What we lack in representation, we made up for in task forces
North Dakota State University will be given a national award in diversity this coming Friday, April 2. The award is for Excellence in a Higher Education Institute for the Promotion of Diversity (EHEIPD). Winners in the past have included schools that made real pains to enroll, include and promote diverse students and faculty.
Accepting the award in person will be President Dean Bresciani and two students of color who were asked to miss class in order to be present for the photo opportunity beside the President.
As one of the students said, “It’s incredible, I’ve never even met Bresciani before, and I’ll be there with him to accept the award. This is only my second semester on campus, but I’ve already been asked four times to be photographed on behalf of NDSU.”
The award comes as a surprise to many, as NDSU cannot be found on any national diversity ranking lists. It’s especially remarkable considering all of the recent issues this past year regarding NDSU’s handling of racism on-campus and subsequent wide-spread criticism.
In order to better understand the impact of this award on a school like NDSU, it’s important to look at some demographics. While the body of enrolled students is split roughly in half by male and female, the school does not even give an option for students to self-identify as non-binary.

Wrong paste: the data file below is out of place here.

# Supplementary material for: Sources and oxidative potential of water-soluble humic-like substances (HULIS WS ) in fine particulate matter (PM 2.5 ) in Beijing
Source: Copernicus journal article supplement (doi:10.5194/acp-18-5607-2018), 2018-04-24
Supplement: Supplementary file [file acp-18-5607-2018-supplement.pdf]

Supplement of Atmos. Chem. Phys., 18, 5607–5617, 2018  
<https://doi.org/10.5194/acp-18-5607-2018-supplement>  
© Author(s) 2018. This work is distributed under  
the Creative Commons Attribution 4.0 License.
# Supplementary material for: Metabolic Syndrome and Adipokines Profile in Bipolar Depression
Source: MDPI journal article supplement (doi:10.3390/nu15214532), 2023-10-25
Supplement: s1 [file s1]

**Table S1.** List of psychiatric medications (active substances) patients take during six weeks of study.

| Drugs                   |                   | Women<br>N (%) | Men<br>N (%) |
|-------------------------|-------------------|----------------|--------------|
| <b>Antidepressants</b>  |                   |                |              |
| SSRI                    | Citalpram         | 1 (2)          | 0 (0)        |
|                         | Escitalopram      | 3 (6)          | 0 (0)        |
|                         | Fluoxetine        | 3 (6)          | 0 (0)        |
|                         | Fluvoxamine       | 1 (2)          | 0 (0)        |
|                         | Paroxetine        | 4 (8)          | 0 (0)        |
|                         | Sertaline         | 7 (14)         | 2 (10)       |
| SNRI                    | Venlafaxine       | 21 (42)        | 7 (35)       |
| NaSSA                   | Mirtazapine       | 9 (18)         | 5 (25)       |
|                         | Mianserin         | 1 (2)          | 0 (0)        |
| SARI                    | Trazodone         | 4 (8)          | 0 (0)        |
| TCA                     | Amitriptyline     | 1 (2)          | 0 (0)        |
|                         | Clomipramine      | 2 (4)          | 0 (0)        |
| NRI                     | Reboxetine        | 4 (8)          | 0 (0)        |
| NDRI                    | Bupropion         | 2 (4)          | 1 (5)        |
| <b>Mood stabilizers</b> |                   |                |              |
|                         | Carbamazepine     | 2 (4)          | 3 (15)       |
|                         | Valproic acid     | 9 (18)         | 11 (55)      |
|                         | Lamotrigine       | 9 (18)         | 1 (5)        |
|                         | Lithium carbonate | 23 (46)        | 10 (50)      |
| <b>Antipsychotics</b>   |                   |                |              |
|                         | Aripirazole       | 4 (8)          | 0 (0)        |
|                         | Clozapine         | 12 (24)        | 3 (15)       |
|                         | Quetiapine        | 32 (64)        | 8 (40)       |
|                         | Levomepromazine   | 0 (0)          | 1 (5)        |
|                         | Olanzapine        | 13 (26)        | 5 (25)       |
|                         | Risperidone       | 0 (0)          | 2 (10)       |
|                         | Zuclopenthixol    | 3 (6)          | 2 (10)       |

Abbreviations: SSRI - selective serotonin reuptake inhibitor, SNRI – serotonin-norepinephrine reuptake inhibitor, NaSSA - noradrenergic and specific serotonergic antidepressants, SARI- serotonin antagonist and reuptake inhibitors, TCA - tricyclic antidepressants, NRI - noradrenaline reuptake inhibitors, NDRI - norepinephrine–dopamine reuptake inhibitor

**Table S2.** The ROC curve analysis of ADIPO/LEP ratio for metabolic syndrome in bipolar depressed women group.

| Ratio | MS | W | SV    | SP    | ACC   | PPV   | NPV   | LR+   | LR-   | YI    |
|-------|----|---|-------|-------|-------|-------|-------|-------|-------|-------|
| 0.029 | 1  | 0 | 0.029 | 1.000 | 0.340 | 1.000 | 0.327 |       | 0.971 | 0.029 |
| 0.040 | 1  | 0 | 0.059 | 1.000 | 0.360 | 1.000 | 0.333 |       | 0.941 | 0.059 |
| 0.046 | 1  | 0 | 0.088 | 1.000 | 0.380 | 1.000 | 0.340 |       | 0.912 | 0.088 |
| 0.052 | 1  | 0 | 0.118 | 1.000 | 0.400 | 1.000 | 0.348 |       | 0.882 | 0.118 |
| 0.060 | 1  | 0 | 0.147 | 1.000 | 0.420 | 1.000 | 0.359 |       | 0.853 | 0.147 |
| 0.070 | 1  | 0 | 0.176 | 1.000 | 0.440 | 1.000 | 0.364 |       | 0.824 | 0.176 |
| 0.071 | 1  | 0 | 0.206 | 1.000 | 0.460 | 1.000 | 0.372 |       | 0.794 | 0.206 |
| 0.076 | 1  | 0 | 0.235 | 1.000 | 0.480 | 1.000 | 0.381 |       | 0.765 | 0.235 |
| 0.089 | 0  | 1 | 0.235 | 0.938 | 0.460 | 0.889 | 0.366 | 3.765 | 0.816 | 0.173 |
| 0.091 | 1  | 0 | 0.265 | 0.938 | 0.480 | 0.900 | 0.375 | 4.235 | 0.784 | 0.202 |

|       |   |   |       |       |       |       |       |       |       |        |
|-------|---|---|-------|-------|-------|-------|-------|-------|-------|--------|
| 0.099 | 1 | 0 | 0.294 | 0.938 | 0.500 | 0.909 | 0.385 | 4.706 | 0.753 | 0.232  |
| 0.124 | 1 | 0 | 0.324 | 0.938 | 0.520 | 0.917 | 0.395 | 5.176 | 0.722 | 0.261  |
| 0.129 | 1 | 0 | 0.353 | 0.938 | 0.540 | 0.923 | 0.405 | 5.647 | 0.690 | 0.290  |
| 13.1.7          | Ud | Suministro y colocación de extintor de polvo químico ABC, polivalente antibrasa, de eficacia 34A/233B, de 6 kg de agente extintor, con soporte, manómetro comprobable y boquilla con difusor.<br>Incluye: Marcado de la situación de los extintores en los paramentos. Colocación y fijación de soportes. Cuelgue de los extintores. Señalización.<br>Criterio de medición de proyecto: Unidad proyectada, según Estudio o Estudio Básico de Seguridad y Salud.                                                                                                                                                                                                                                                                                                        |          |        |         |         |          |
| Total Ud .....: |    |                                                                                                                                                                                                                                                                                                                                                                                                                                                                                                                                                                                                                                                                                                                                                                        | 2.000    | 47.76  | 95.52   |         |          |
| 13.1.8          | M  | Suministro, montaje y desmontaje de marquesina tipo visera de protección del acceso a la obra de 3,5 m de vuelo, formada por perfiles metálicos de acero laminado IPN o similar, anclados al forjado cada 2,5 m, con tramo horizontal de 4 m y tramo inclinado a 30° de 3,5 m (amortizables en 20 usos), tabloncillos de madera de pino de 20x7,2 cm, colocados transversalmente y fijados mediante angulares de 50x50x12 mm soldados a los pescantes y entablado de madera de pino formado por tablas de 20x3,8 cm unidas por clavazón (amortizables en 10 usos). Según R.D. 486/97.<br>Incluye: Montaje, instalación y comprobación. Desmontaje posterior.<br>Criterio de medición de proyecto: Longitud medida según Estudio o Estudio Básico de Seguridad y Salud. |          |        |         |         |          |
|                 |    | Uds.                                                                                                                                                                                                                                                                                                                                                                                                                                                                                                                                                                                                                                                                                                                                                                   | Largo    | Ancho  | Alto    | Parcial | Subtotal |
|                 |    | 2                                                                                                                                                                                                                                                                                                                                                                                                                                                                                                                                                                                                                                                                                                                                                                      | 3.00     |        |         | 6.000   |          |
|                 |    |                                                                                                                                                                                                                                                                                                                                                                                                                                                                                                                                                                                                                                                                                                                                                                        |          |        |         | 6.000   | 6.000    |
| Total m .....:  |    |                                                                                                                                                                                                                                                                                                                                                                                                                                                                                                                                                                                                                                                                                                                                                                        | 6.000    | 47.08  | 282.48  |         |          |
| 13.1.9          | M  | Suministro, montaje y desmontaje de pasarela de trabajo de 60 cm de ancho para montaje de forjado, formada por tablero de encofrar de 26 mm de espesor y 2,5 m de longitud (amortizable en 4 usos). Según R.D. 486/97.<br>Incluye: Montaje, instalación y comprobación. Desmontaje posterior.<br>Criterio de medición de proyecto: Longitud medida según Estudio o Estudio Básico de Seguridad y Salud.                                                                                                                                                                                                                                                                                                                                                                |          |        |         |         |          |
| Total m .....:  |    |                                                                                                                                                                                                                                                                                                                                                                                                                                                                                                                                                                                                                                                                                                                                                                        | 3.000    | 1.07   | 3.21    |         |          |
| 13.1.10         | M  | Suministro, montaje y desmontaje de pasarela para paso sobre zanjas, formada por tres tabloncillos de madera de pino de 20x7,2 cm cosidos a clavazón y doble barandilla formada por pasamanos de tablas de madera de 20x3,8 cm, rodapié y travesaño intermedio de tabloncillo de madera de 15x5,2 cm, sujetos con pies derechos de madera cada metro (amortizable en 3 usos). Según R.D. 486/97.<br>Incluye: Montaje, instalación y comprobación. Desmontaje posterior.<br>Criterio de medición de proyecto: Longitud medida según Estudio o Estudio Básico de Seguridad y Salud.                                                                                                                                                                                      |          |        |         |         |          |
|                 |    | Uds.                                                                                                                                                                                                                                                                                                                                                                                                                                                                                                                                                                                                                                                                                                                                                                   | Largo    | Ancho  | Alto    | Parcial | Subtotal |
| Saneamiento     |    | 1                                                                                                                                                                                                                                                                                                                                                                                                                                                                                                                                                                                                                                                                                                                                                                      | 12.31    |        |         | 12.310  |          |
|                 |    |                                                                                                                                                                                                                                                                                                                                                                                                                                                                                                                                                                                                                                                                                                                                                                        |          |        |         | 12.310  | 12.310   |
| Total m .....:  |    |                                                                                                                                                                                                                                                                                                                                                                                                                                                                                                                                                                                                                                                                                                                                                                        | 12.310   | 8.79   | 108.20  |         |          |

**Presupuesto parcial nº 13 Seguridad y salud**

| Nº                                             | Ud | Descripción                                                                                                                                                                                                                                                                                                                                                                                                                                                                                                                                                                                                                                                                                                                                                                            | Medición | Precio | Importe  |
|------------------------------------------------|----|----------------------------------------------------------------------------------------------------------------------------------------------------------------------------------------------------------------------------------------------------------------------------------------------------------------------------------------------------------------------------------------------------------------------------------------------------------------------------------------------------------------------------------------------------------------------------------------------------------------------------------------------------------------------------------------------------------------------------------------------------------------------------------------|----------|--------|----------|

Also of interest are the roughly 83% of students who self-identify as white. While this number might seem astounding, by looking at who NDSU employees in its highest positions, it’s not at all surprising. Of course, we know President Dean Bresciani is a white male, which is perhaps his best qualification for the job, as every single one of NDSU’s past 23 Presidents have also been white males.
If this doesn’t have you convinced of NDSU’s passion for diversity, look no further than those employed as deans of the eight colleges: there are six white male deans, one white male associate dean, one white female dean and one white female associate dean; that’s 100% white and roughly 80% male. It’s no wonder the school is being awarded when there is such a well-diversified hierarchy of power.
Student leadership seems to follow suit. Every undergraduate student at NDSU has likely only ever seen a white male Student Body President and looking at the candidates for next year, this legacy has no end any time soon. If you were to reach out to the Student Senator for any college or a Student Justice, they would also be white.
At the very paper I work at and you’re reading, The Spectrum, at least the last five individuals in the position of Editor-in-Chief have been white males and of the editors currently writing or photographing for this paper, all are white, including myself.
While many student organizations are actively working to educate themselves and diversify their groups, and many female, LGBTQ and disabled voices are represented, it still has struck many with awe that NDSU has received such an award when the administration seems to have done very little.
It’s unclear at this time what this award will mean for NDSU. For one, it seems likely that the administration will finally have something concrete to show students, faculty and alumni who have claimed NDSU hasn’t actually taken action or changed policy—what a relief for them.
Past that, it’s likely further budget cuts to diversity-centered programs are to come. At NDSU, racism, sexism, ableism, xenophobia, etc. are only issues to be addressed when something goes horribly—and publicly—wrong. This award will likely give administration cover for at least the next few disasters.